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Pax Porfiriana» Forums » Reviews

Subject: A Little-and-Often Review - Pax Porfiriana rss

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Adam Taylor
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At the time of writing, Pax Porfiriana is one of only three games that I rate a ten. If one of the frequent forum hypotheticals were to be genuinely enforced and I had to choose only one game to play for the rest of my life - I'm pretty sure that this is the one that I'd choose.

Like a very smelly cheese or 25 minute “conceptual” prog-rock song, a game like Pax Po inspires devotion from its fans in part because it's hard to approach - because it gives up its charms gradually and it makes you work for them. Pax Po was my first (though certainly not my last) experience of a game that was more rewarding the more you explored it. Also like the above things, it's not for everyone; it is a very particular experience that might just not be what you're looking for in a game. However, if you've not tried Pax Po and you have the opportunity - give it a go.

Fanboying aside, what is it that I like about Pax Porfiriana? I like the variety of it. It creates good stories because the random inclusion of only a proportion (very roughly a third) of all of the possible cards means that every game has the potential to throw up entirely different circumstances and challenges.

Partly due to that variety and partly due to the complexity of different interlocking mechanisms, there’s always something new to explore – some new combination or strategy. This can make it a difficult game to teach; those who want to understand all of the possible strategies before making their first move can be paralysed by not being able to see a path to victory. My usual advice to new players is “Try to get an economy going, try to get ahead in a type of Prestige (whilst having some way to change to the matching regime, up your sleeve) but mainly just try stuff and see what happens. Learn by doing.” Progress is not linear so it’s possible to spend the first half-hour just getting to grips with the rules and still have a shot at winning later in the game.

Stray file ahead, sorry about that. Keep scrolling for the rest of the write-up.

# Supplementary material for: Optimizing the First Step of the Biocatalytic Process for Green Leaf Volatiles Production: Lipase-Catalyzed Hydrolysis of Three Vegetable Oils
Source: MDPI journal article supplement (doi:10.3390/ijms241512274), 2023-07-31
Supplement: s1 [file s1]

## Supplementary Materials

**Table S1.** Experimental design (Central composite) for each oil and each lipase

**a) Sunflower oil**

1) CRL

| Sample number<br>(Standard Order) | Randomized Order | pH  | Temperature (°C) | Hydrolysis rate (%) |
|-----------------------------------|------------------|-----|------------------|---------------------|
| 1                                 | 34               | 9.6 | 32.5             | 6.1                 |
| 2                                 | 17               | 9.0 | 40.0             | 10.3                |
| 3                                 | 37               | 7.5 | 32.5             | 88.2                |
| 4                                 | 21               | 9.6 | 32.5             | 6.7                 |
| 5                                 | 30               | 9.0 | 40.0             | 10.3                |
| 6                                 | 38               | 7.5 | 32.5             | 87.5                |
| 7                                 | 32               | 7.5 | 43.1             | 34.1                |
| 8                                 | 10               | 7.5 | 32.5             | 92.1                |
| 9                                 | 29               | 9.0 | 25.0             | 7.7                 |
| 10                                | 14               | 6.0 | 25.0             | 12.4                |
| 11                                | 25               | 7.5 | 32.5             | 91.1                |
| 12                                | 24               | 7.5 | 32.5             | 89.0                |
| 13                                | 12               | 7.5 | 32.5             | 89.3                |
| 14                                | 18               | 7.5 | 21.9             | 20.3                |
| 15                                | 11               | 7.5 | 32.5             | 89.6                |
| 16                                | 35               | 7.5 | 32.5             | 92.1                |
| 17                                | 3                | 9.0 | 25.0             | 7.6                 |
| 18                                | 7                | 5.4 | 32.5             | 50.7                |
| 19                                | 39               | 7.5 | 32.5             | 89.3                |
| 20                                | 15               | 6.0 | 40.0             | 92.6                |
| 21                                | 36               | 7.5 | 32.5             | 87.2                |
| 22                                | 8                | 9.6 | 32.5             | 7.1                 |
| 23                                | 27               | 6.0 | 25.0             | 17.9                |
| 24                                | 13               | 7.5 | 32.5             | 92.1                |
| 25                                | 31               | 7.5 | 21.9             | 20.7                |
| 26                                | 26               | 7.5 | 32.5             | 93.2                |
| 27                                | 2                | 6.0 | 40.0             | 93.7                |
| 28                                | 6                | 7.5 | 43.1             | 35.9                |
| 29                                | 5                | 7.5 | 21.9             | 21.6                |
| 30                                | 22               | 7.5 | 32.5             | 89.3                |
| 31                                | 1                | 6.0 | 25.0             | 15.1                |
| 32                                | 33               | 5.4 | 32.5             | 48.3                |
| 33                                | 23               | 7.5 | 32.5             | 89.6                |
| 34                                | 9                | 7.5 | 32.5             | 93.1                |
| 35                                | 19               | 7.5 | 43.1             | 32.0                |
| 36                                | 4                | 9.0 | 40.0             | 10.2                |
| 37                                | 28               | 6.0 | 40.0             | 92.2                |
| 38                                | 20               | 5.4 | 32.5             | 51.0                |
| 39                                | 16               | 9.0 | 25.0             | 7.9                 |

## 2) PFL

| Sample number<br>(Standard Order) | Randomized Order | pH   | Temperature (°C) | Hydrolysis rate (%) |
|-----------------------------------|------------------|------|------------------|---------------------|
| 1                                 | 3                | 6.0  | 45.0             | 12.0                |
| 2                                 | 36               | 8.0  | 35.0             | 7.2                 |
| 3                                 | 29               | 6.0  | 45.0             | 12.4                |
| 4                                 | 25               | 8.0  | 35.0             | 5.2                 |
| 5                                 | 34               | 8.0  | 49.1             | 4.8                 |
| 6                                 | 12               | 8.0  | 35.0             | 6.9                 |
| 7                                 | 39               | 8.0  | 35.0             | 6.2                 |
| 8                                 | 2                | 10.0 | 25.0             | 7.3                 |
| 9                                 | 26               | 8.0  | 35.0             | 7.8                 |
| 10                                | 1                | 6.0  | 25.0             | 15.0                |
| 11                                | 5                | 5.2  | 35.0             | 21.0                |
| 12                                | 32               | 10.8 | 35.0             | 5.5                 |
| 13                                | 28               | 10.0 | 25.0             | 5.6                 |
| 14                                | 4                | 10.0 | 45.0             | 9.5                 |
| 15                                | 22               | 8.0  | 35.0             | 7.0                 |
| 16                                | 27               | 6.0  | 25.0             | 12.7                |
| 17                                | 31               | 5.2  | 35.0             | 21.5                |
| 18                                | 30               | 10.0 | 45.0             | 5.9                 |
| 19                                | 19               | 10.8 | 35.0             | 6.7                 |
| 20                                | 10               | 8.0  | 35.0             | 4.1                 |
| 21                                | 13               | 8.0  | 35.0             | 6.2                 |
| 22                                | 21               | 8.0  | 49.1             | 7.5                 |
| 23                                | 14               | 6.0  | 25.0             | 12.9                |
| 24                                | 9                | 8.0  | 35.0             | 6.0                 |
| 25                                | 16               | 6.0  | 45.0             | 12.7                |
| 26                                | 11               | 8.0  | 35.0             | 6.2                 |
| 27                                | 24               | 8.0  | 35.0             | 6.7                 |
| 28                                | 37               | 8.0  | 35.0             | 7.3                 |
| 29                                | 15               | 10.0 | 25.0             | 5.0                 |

Perhaps most of all, I like that you have to really engineer a victory - it's not enough to just plod your way through the game cranking the mechanics and accumulating victory points. A win is generally the culmination of a plan that was complex, unexpected (otherwise you would be stopped) and ultimately achieved with only three (or fewer) actions. "If I send these bandits to raid my own plantation it moves us into anarchy and causes a slave revolt; I’m imprisoned but get awarded an extra revolution point so when I buy the topple and flip my hacendado... BOOM!" Even if you're on the receiving end of someone else's victory - it's still a hell of a thing to witness. It is very much one of those games where you're often just one action away from victory - "If I could only do this, this, this and this - I'd win." - which makes it deliciously tense.